Small butterflies and native bees are attracted to the bright yellow flowers of St. Johnswort.

Native blueberry – Elliot’s blueberry (Vaccinium elliotii) and rabbiteye blueberry (V. ashei), Zones 5-10
Wild blueberries, also called huckleberries, are among the best native sustainable landscape plants for Louisiana. These hardy shrubs bloom in very early spring, providing nectar for bees and hummingbirds. In late spring and summer, both humans and wildlife devour the delicious berries. In fall, the leaves turn deep shades of red. They grow best in full sun to part-shade in well-drained acidic soils. Wild blueberries can be used as a shrub border, specimen plant, or for fruit production.




False indigo – yellow (Baptisia sphaerocarpa), white (B. alba), and blue (B. australis), Zones 5-9
Also called wild lupine and redneck lupine, these colorful flowering perennials are good substitutes for the beloved lupines (Lupinus spp.), which wimp out in the Louisiana heat. Established plants produce spikes of yellow, white, or bluish purple spring flowers followed by attractive seedpods.

These yellow baptisia plants were started from seeds collected by Dr. Charles Allen about eight years ago. The black seedpods add interest in fall.

Yellow-flowered varieties include yellow indigo (B. sphaerocarpa) and dry-loving gopher weed (B. lanceolata). Yellow cultivars include ‘Screaming Yellow’ and hybrid ‘Carolina Moonlight’. A good blue is natural hybrid ‘Purple Smoke’, which is a cross between B. alba and B. australis.

Tickseed, lanceleaf (Coreopsis lanceolata) and dwarf (C. auriculata ‘Nana’,) Zone 5-9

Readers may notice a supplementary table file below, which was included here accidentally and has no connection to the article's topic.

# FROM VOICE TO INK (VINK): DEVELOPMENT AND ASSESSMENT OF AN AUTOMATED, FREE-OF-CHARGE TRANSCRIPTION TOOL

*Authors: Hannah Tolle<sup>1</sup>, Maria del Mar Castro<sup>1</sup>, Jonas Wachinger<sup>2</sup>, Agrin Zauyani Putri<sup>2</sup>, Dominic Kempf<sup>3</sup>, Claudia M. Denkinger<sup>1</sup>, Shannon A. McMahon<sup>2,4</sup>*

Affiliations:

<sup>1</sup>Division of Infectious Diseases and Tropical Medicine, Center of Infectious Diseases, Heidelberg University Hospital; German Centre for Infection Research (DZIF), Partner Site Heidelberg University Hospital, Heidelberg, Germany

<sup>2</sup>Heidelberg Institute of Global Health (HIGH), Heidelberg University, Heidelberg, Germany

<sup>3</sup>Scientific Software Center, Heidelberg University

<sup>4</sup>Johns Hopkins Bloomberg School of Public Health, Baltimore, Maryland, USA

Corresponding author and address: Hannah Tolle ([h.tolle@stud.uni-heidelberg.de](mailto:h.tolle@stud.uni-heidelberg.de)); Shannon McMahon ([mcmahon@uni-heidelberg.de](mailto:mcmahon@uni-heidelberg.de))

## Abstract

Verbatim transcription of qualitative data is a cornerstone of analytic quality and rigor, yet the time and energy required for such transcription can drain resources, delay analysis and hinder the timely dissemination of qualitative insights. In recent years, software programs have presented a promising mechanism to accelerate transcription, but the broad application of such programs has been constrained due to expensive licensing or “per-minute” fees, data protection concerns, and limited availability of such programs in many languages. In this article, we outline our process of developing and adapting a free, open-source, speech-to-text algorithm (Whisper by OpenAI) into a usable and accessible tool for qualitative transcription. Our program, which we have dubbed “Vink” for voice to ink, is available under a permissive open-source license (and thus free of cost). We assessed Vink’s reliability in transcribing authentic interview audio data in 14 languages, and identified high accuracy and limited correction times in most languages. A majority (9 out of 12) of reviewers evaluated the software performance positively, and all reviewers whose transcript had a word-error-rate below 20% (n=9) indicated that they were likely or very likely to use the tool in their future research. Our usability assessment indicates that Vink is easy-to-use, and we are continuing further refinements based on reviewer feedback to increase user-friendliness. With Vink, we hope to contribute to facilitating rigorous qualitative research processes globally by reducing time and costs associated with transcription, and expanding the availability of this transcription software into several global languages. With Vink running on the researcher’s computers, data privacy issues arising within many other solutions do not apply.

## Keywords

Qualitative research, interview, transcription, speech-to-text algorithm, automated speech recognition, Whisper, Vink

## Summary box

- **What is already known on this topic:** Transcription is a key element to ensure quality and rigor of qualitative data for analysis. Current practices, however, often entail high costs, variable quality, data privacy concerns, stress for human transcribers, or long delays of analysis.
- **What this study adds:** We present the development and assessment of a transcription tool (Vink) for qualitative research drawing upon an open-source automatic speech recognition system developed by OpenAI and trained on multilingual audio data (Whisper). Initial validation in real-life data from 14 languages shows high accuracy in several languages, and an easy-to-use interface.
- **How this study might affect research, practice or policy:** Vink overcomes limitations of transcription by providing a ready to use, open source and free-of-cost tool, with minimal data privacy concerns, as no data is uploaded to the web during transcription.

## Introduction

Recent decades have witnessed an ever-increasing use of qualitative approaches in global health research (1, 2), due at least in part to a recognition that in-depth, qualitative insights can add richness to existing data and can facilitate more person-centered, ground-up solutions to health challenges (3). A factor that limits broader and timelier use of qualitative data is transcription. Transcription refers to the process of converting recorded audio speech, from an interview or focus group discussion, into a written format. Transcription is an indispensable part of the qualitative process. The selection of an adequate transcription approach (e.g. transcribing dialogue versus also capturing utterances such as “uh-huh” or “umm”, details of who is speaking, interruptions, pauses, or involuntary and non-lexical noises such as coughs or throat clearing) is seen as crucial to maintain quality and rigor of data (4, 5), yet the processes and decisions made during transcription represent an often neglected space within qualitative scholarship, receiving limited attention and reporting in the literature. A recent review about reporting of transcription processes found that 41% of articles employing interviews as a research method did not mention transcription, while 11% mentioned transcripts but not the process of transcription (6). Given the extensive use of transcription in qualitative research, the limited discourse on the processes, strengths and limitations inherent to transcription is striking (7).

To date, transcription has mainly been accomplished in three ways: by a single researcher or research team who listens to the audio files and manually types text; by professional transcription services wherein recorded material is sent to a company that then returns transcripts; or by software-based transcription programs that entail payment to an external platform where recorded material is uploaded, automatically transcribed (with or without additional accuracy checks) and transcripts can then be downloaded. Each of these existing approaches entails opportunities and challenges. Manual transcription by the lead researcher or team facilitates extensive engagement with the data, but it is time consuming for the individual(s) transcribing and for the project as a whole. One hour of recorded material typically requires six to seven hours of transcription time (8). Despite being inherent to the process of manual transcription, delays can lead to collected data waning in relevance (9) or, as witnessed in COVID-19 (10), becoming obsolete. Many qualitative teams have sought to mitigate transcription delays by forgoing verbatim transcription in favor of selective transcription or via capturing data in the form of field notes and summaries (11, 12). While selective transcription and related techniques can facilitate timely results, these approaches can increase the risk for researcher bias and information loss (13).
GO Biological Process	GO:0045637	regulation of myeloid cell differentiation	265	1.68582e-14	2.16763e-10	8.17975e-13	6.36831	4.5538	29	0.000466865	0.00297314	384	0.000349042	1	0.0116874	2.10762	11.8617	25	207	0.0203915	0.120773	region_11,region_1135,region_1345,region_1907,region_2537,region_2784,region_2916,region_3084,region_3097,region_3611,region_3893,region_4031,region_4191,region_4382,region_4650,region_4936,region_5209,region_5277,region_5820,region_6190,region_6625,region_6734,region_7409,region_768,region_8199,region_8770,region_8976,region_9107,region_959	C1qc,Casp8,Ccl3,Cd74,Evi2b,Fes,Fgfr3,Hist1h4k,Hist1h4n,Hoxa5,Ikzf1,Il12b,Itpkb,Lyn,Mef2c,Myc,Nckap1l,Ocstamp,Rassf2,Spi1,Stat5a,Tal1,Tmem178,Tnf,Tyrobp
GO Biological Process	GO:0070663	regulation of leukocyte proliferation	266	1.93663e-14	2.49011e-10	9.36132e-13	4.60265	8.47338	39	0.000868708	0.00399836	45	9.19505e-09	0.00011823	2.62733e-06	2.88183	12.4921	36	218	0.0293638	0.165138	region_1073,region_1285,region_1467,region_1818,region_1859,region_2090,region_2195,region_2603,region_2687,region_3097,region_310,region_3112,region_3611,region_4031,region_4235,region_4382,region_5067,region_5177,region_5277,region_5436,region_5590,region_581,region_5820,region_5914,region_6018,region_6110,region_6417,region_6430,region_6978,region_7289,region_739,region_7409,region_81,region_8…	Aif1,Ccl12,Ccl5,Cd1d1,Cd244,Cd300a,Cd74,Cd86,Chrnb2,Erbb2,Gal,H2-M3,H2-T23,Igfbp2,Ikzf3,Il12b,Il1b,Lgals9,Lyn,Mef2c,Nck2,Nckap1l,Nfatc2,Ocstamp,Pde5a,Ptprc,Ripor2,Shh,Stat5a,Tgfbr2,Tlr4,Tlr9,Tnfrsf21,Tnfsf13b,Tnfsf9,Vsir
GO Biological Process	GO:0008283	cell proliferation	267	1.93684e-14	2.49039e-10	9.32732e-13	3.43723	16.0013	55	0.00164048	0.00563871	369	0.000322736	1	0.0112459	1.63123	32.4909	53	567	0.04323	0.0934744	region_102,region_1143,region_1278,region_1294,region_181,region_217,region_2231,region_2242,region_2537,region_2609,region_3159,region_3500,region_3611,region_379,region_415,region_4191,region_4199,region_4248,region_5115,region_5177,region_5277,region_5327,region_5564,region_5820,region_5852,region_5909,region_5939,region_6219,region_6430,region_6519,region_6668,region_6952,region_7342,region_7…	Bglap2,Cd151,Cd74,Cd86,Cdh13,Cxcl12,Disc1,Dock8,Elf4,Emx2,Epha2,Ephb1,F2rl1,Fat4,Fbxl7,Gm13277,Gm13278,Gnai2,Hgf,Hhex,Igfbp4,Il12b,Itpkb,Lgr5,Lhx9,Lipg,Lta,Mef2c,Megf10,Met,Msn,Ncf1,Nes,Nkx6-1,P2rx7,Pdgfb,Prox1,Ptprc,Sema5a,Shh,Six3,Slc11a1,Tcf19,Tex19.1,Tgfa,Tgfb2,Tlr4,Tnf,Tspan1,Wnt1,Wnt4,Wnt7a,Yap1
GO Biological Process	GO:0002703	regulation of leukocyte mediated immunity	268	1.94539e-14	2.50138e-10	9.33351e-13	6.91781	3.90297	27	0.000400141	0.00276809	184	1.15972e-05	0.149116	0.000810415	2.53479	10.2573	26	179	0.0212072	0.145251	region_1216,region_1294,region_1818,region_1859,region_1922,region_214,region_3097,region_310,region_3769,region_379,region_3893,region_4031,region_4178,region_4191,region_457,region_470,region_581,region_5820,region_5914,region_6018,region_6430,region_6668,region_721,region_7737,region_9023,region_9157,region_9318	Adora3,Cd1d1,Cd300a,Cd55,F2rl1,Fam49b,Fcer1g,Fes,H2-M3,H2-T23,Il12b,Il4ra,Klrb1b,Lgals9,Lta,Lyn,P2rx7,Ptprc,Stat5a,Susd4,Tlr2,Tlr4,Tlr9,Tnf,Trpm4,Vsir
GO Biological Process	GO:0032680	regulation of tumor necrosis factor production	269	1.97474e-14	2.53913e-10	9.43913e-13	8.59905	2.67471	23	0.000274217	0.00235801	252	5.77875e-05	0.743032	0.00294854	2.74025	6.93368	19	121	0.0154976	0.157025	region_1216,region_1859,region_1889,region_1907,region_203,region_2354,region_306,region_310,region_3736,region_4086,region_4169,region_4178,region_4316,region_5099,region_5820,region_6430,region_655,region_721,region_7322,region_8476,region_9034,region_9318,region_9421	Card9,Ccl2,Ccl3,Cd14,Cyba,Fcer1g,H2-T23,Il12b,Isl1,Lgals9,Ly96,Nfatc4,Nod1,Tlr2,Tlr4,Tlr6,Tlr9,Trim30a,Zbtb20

Butterflies and other pollinators use the fragrant, golden-yellow flowers of this short-lived perennial that grows naturally in Louisiana. The 2-feet-tall plants do well in sunny beds and borders in moist, acidic soils and have a long springtime blooming period. Dwarf tickseed is an excellent ground cover.

Coreopsis lanceolata and C. auriculata ‘Nana’ are wonderful additions to the butterfly garden.

Cardinal flower (Lobelia cardinalis), Zones 2-9
The gorgeous tall red spires of cardinal flower are a favorite of hummingbirds, butterflies, and other pollinators. These plants have an upright habit, grow 2-6 feet tall, and perform best in partial shade and moist soil as a single specimen or massed in a perennial bed. There are also white- and pink-flowering forms.

Cardinal flower, aka red lobelia, puts on a show in moist, part-shade areas. Butterflies, hummingbirds, and bees visit the striking spires of flowers from late summer to fall. Native pickerelweed is a good companion plant in wet areas.

Gulf Coast beardstongue (Penstemon tenuis), Zones 7-10
Probably the best penstemon for the South because it prefers moist soil and does well in partial shade. The rosy purple flower clusters bloom for many weeks beginning in spring through early summer. Beardstongue is an excellent selection for hummingbird and butterfly gardens.

Gulf Coast penstemon puts on a display in spring. A variety of pollinators visit the hundreds of bell-shaped flowers. It will self-sow in rich, cultivated soil.

Stokes’ aster (Stokesia laevis), Zones 5-9
A must for the butterfly garden, the exquisite 4-inch blue flowers and hardiness of Stokes’ aster make it one of the most popular native perennials. There are many cultivars with lavender blue to nearly purple flowers available in the trade. ‘Alba’ is good white-flowering variety. Plants grow 1-2 feet tall and wide, with 18-inch flower stalks that appear in early to midsummer. Deadheading will prolong the blooming period. Stokes’ aster blooms best in full sun and moist, average garden soil, but can tolerate some drought. Plant en masse for the most striking effect.

Masses of Stokes’ aster and lantana attract a variety of bees and butterflies to this school garden in Covington.